Sophie Taeuber-Arp Head 1920

  • MoMA, Floor 5, 509 The David Geffen Wing

Taeuber-Arp, a pioneering abstract artist, was trained in the applied and fine arts and ascribed equal importance to both. In 1920, at the time Head was made, she was best known for her arts-and-crafts creations, including textile designs, turned-wood containers, beaded necklaces, notebook covers, and bags. Head combines mechanically produced turned-wood pieces and beaded ornaments typically associated with domestic handicrafts to create a sculpture that challenges the boundaries separating craft from fine art.

The work strongly resembles Study for a Marionette (Portrait of H.A.) (1918), an abstract depiction of the artist Jean (Hans) Arp, whom Taeuber-Arp would marry in 1922. Both works have bobbin-shaped bases, trapezoidal noses, oval heads, and cylindrical necks, and they have similar dimensions. This suggests that Head is a counterpart to the earlier work, and a stylized self-portrait. Taeuber-Arp made this sculpture in Zurich, where she had become associated with Dada, a cultural movement that embraced absurdity and abstraction as avenues to a radical rethinking of contemporary social, political, and aesthetic conventions.

Publication excerpt from MoMA Highlights: 375 Works from The Museum of Modern Art, New York (New York: The Museum of Modern Art, 2019)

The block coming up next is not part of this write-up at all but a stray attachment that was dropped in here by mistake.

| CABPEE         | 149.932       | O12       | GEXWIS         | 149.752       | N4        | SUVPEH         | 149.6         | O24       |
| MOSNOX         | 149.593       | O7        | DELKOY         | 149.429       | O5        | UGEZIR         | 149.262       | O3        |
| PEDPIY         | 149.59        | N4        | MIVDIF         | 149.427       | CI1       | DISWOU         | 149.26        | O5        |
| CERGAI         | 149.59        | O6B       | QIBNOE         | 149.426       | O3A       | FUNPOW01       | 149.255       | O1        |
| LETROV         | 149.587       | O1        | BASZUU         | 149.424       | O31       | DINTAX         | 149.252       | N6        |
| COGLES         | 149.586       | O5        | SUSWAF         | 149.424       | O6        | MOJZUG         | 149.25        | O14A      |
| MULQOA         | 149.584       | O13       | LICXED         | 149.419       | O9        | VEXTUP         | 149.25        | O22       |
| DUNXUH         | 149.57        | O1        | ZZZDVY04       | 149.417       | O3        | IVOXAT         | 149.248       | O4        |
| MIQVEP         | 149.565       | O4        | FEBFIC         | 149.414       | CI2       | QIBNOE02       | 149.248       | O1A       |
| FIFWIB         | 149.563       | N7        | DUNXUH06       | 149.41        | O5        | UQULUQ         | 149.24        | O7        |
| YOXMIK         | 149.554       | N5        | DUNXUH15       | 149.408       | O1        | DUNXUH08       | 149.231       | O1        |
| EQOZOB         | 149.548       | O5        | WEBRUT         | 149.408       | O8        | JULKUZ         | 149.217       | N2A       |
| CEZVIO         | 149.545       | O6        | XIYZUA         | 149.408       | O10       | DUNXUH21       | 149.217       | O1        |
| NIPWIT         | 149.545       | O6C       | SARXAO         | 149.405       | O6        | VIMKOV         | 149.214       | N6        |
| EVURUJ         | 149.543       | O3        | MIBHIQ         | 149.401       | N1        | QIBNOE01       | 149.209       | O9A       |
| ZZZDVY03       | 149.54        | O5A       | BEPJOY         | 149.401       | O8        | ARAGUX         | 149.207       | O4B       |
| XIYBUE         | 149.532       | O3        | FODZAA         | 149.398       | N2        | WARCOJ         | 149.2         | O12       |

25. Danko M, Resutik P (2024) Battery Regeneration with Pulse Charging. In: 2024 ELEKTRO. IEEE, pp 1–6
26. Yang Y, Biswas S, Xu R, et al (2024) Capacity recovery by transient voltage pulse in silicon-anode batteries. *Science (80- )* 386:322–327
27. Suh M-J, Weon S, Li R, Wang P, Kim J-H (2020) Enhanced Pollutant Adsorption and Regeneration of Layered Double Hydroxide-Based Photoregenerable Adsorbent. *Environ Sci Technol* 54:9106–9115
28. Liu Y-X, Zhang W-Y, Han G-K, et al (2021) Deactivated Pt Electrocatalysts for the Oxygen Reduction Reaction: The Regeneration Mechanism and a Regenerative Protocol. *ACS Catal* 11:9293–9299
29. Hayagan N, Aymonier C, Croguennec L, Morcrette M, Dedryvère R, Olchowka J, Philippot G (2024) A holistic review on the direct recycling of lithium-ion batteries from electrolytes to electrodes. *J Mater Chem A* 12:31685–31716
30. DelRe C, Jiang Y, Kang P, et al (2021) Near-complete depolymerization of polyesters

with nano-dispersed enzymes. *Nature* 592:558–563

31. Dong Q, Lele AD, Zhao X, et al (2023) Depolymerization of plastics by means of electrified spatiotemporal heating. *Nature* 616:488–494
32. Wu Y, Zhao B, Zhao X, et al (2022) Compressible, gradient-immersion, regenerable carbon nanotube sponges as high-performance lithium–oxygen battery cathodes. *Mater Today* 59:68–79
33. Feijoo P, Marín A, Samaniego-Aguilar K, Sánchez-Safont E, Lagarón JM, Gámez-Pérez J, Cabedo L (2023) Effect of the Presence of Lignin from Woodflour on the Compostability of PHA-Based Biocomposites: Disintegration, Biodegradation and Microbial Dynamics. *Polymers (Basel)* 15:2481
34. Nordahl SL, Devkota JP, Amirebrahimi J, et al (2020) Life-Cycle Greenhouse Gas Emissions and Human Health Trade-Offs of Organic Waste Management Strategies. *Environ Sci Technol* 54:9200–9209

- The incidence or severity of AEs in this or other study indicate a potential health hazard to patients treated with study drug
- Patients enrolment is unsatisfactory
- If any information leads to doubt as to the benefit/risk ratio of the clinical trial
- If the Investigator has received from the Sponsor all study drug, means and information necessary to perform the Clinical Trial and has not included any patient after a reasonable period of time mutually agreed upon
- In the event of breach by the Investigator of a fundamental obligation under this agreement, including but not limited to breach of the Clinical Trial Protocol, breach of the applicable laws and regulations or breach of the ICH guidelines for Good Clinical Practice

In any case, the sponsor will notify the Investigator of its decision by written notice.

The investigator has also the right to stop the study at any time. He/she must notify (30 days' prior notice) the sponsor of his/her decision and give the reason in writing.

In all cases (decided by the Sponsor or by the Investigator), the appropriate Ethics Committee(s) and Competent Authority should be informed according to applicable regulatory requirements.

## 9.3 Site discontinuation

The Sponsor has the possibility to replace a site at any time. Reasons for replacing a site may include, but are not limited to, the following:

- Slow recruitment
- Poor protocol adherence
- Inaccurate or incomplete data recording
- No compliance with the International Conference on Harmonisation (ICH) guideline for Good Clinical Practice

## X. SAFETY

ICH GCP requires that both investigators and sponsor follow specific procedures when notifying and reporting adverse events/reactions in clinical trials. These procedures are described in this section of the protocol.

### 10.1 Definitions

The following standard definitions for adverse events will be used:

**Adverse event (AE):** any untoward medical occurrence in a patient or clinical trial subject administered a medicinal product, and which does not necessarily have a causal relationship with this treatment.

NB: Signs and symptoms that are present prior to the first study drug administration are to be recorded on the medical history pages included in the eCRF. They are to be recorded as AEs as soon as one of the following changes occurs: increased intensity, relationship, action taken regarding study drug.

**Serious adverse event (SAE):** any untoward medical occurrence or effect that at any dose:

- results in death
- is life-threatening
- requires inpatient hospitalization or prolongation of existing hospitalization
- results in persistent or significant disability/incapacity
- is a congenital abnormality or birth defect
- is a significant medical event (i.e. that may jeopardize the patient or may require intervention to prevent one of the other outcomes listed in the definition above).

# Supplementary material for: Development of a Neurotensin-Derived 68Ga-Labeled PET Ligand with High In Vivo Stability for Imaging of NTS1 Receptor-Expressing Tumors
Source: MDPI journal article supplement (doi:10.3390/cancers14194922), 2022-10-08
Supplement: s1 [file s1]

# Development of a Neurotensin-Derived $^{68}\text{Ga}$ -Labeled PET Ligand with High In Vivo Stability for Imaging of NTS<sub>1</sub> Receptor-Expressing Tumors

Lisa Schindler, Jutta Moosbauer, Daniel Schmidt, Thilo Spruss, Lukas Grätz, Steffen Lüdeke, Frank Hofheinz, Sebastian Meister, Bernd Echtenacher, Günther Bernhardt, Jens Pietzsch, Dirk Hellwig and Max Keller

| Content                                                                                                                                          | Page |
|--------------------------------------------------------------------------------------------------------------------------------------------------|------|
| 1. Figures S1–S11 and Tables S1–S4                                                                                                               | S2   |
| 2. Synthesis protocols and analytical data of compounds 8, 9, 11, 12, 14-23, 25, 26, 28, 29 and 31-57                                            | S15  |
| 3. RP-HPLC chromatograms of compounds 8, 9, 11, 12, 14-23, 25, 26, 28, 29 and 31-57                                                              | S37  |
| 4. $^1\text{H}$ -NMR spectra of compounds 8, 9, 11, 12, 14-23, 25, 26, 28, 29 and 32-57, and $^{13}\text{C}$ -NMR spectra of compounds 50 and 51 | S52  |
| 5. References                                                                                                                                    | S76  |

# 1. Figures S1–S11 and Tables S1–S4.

Painted wood with glass beads on wire
9 1/4" high (23.5 cm)
Mrs. John Hay Whitney Bequest (by exchange) and Committee on Painting and Sculpture Funds
Object number
© 2020 Artists Rights Society (ARS), New York / VG Bild-Kunst, Bonn
Painting and Sculpture

Installation views

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Provenance Research Project

This work is included in the Provenance Research Project, which investigates the ownership history of works in MoMA's collection.

The artist
Hans Arp (the artist's husband). Inherited upon his wife’s death, 1943
François Arp
Ruth Tillard Arp
[Claude Guber ?]
Sold at Calmels Cohen auction house, Paris, June 12, 2003, no. 34
The Museum of Modern Art, New York. Purchased at auction, June 2003

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